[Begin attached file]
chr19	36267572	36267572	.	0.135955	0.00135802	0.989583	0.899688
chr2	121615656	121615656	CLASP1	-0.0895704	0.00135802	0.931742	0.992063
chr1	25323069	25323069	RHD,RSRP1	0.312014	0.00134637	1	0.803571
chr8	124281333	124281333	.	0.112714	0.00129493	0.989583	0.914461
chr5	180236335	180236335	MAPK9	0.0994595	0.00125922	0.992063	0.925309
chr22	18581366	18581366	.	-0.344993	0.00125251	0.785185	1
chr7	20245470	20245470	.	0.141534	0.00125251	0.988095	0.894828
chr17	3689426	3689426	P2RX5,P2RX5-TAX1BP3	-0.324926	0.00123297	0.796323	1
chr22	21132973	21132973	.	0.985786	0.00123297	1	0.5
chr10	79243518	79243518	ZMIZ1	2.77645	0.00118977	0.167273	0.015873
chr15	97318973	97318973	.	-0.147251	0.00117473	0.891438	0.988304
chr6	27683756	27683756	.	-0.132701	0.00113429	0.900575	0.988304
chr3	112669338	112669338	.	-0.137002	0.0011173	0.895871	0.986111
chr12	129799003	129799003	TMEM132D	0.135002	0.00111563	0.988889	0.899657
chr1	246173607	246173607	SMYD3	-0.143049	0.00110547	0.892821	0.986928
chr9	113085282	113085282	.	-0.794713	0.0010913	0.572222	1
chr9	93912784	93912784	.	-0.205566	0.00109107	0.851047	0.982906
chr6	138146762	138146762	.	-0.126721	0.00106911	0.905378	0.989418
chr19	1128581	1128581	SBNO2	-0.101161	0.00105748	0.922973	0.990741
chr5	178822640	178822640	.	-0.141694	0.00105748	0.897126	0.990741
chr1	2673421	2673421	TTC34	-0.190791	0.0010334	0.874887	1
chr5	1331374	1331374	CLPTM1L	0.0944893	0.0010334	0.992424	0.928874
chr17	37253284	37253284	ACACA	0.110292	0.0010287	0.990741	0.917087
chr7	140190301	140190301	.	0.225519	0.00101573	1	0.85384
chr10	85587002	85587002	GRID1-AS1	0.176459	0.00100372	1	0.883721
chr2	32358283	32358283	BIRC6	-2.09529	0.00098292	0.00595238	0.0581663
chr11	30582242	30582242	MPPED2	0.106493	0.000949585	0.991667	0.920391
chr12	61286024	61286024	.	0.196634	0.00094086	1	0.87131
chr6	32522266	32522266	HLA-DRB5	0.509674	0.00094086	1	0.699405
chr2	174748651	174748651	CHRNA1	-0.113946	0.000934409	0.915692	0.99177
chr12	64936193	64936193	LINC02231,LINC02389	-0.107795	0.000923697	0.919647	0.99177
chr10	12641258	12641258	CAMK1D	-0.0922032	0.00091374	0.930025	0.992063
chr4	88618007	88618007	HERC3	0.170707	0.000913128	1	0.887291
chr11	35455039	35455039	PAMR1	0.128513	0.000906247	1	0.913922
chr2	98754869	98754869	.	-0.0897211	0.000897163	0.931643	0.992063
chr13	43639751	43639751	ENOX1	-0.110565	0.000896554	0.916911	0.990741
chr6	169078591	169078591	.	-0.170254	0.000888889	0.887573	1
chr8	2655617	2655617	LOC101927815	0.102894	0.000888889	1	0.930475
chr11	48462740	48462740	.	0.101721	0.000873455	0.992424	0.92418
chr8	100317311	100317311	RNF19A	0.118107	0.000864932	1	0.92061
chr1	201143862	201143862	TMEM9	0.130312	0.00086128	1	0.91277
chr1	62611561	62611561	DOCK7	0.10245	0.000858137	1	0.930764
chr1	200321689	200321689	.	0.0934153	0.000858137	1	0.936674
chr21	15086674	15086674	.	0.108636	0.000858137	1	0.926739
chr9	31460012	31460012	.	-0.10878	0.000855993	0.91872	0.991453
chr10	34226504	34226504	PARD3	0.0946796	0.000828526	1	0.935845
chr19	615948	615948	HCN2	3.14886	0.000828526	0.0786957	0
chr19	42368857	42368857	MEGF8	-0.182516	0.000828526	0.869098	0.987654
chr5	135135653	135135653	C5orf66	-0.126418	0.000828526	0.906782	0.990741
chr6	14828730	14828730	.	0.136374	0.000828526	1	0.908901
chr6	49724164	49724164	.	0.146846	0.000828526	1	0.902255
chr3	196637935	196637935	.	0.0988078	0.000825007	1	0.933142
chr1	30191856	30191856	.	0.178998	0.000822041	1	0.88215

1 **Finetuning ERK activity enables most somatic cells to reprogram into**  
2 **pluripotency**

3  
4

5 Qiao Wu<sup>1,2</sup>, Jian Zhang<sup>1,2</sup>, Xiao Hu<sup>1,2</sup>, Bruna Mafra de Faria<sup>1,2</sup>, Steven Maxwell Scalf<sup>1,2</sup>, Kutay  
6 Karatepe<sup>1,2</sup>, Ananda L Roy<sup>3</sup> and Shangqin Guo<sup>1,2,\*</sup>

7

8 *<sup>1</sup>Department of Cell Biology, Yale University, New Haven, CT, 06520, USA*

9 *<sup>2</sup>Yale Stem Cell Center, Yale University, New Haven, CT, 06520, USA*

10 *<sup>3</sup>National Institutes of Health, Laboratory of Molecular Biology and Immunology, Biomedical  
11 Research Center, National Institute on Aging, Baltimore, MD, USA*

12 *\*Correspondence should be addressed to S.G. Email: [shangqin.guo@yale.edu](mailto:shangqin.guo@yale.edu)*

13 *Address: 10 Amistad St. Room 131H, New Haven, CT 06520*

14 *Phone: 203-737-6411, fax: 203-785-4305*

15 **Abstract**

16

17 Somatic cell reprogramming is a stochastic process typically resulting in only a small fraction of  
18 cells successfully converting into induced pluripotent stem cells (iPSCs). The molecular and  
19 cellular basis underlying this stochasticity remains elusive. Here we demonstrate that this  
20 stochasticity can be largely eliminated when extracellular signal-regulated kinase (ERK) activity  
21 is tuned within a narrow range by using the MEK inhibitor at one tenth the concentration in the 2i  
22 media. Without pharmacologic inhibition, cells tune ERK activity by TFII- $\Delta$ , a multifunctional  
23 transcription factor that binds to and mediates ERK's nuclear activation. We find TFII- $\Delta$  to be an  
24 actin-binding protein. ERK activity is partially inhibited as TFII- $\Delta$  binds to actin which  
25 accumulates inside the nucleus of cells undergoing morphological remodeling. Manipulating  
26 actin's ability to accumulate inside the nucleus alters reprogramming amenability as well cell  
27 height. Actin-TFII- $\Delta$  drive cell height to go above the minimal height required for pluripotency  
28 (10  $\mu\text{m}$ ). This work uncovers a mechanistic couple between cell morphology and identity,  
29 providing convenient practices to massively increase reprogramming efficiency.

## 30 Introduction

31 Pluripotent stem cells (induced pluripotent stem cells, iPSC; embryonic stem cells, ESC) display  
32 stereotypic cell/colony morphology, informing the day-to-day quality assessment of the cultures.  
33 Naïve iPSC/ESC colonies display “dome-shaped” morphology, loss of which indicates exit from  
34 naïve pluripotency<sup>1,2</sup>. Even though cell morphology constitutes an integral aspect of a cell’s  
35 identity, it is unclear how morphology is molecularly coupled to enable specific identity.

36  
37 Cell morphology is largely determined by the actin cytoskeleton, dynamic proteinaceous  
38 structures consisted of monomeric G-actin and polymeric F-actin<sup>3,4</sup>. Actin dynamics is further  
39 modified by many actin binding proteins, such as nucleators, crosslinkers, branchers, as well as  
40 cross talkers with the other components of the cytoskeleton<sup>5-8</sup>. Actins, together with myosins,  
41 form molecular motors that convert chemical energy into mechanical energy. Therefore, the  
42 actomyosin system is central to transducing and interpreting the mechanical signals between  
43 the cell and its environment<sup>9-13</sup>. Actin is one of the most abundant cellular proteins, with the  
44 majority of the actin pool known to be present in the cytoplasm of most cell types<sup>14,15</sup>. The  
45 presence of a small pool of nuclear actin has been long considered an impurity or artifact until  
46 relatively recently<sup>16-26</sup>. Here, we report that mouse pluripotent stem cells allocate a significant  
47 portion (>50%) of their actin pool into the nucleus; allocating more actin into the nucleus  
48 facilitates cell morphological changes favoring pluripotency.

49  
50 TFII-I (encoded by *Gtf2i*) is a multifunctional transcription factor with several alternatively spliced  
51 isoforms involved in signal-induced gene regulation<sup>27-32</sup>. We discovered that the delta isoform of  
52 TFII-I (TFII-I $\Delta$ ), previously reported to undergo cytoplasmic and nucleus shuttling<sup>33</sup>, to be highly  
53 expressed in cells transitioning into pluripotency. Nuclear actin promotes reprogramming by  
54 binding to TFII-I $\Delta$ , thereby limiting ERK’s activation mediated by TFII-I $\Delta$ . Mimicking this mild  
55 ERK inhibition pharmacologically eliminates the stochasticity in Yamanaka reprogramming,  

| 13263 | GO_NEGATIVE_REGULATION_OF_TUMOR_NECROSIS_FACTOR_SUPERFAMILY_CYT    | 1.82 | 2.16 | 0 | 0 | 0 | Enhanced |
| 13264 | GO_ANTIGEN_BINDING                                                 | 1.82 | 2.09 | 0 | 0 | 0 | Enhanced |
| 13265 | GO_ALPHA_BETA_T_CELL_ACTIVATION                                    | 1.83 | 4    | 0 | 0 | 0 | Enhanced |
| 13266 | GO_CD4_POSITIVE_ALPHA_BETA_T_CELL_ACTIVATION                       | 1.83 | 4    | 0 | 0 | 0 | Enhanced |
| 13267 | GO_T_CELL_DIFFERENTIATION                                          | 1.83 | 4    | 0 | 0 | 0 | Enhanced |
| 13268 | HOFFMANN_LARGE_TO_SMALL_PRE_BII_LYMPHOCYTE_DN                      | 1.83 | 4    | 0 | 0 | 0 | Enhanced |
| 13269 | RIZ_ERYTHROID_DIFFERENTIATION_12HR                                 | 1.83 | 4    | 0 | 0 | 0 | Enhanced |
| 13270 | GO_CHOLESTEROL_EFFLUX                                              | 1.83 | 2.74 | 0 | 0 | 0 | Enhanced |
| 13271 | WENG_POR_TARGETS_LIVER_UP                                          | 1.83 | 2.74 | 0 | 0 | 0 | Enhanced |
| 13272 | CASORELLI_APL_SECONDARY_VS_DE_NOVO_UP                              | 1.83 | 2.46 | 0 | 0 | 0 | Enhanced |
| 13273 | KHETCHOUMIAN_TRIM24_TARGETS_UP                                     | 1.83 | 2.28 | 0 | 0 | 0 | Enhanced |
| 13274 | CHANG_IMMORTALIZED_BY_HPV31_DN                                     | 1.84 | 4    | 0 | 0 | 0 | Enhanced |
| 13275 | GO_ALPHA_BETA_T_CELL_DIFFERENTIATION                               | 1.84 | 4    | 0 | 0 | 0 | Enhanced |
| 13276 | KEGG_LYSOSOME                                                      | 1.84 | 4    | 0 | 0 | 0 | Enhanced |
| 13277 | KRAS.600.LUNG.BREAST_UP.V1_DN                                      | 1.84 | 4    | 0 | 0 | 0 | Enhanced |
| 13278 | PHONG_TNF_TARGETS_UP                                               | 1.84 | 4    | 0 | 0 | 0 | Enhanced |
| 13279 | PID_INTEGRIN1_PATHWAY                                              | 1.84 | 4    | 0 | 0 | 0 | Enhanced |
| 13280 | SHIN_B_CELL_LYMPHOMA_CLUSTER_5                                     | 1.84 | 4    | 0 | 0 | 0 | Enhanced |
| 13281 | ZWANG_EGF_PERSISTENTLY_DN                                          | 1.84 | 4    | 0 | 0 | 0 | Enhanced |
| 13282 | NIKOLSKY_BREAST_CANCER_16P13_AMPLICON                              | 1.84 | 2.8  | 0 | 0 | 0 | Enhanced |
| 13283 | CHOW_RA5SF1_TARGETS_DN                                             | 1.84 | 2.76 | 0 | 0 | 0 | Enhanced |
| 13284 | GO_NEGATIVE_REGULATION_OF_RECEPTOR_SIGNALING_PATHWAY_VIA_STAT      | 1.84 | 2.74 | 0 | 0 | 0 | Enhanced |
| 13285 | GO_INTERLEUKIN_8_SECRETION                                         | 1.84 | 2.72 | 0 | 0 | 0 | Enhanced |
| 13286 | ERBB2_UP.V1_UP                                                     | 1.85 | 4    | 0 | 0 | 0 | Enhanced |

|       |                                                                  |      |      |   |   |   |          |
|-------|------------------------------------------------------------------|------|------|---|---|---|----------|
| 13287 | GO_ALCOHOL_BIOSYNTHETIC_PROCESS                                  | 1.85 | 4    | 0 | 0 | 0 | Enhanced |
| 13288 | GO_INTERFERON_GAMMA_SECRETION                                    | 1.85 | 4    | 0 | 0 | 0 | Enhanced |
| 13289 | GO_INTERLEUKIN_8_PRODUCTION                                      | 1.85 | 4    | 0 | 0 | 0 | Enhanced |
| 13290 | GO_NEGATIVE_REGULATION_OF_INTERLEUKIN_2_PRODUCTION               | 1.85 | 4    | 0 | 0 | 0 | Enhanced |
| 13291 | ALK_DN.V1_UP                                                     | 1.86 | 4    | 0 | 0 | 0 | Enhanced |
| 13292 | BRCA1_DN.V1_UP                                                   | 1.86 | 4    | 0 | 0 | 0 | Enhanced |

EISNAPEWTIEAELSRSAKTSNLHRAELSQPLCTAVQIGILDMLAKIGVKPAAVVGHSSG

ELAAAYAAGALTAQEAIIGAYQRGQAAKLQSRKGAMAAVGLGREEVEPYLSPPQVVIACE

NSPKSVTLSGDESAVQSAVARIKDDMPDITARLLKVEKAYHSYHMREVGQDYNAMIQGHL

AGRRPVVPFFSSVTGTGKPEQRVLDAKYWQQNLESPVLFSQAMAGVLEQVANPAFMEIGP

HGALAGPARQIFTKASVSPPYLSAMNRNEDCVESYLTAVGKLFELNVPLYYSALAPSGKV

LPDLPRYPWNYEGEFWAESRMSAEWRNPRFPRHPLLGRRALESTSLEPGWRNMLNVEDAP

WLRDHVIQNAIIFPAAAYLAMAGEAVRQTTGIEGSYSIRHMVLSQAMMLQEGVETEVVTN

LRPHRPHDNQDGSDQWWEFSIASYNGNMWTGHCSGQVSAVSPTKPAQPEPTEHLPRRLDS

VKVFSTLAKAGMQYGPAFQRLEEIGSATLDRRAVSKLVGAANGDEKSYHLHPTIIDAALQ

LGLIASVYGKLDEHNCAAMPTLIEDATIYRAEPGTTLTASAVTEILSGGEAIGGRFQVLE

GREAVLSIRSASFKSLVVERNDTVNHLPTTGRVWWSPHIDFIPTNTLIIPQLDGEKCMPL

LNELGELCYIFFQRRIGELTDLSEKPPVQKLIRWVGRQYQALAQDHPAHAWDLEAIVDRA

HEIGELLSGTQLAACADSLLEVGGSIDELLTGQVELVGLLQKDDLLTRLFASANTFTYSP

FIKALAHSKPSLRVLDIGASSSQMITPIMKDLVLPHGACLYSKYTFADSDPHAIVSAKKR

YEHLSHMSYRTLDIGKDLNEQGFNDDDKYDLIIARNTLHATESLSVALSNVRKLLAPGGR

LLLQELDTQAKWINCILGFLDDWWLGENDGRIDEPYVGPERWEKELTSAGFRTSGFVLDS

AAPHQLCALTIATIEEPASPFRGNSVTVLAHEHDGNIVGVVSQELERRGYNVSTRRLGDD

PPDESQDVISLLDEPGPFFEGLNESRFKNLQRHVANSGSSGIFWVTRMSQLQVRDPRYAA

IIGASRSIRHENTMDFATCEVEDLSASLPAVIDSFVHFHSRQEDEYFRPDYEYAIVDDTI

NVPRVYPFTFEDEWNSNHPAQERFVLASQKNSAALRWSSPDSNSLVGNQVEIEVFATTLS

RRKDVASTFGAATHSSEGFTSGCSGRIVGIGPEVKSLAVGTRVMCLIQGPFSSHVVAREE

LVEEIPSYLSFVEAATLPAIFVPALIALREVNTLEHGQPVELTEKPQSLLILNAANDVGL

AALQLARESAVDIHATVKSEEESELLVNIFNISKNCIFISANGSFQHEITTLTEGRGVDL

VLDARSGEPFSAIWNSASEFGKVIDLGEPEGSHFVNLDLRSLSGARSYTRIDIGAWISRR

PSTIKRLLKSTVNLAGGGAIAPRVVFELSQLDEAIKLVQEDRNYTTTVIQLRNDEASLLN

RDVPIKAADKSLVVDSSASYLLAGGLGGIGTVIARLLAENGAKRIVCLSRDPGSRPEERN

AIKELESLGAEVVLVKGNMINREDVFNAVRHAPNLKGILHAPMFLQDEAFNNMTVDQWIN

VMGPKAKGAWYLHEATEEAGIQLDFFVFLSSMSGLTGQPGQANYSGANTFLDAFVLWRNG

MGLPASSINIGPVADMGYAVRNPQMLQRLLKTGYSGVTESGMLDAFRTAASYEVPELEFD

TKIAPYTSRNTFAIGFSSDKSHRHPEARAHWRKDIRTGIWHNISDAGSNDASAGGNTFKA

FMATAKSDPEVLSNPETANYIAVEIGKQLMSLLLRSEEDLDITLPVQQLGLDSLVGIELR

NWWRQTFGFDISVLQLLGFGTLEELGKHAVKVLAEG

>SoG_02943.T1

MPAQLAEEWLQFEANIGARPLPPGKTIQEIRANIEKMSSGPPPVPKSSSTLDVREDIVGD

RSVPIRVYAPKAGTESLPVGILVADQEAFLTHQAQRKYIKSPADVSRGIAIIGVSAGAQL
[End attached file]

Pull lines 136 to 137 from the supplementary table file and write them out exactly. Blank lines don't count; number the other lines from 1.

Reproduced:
| 13288 | GO_INTERFERON_GAMMA_SECRETION                                    | 1.85 | 4    | 0 | 0 | 0 | Enhanced |
| 13289 | GO_INTERLEUKIN_8_PRODUCTION                                      | 1.85 | 4    | 0 | 0 | 0 | Enhanced |